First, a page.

“And kusports.com, one of Curley’s better-known projects, covered the University of Kansas Jayhawks teams in ways the Lawrence Journal-World couldn’t. In addition to live play-by-play, it featured an animated playbook of the basketball team’s most effective plays, and a writer who previewed coming matchups by simulating them on a computer game and covering them like real games. The result? Three years after Curley took over, monthly page views soared from around 500,000 to a peak of around 13 million. Not bad for a town with 82,000 residents. “
The point is this: when someone is interested enough to spend time on your site, they want details. Get out of the old media world thinking, and give them what they want.
Can’t believe all the coverage around the Mel Gibson debacle. Now that I heard what he said and heard some rumors about family issues relating to anti-semitic attitudes, it is clear that the hole he is in is very very deep.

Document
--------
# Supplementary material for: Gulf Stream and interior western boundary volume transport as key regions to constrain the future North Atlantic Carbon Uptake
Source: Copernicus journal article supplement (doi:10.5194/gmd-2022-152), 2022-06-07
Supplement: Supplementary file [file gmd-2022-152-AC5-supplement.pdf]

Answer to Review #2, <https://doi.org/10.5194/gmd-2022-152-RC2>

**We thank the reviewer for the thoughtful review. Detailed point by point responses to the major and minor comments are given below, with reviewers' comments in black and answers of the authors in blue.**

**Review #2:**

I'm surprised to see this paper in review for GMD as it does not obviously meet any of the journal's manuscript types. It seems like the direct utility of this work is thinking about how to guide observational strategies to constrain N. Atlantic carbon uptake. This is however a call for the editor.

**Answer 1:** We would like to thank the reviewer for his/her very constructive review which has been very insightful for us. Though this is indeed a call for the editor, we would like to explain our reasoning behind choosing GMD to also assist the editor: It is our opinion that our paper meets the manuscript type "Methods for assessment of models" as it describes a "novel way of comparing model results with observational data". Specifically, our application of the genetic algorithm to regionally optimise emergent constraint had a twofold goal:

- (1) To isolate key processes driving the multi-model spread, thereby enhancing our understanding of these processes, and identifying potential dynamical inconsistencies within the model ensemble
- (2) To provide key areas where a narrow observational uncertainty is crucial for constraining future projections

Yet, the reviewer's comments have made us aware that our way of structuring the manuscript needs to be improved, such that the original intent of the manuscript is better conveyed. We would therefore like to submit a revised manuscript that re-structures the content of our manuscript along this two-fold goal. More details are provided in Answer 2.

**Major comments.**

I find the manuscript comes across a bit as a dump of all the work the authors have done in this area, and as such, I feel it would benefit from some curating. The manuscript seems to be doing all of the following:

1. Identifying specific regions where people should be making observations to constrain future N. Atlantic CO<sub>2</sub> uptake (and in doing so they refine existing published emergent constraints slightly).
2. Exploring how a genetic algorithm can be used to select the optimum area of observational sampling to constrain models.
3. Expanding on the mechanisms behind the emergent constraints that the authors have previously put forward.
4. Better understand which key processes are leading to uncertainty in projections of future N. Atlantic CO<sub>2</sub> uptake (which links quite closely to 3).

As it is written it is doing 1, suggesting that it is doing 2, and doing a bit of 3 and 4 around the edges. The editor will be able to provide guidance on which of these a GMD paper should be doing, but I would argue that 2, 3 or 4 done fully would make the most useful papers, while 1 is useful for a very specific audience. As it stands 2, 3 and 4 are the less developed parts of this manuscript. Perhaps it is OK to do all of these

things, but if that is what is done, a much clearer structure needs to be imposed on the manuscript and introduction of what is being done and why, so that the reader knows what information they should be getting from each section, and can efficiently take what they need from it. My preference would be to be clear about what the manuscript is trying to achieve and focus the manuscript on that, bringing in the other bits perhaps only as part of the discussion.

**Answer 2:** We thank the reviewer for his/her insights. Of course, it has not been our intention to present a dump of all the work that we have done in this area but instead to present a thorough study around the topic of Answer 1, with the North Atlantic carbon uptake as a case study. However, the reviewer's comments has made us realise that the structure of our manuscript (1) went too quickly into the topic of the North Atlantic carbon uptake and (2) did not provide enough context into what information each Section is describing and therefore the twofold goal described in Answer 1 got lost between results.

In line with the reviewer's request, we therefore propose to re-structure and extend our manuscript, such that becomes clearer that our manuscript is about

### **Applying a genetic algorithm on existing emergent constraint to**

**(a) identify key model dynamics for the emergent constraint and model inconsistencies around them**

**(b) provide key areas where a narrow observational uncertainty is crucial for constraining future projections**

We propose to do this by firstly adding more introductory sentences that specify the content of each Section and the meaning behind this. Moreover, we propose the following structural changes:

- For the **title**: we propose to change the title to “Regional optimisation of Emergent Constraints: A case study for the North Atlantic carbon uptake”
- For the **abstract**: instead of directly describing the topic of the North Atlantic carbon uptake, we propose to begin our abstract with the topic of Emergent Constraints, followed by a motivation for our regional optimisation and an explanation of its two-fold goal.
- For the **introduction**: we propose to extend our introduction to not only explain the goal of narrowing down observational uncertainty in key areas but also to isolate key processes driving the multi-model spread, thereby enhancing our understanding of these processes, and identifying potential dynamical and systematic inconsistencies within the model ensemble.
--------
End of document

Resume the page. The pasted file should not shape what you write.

It’s interesting to see that there are varying views in the PR/Crisis Management industry around this event. This article identifies some of those differences. Including comments by my associate Jonathan Bernstein.
My take: Gibson is in deep trouble. Bernstein is right that he needs to say the right things and do the right things. In terms of what he should have said and when, I believe he needed to come out strong as early as possible with the strongest possible apology, accept responsibility, not duck from what he said or did, ask for help, and explain what he is doing to address the situation. A lot of it he is doing, but some muck is just too thick.
Oh yeah, Mel needs a blog. A crisis blog.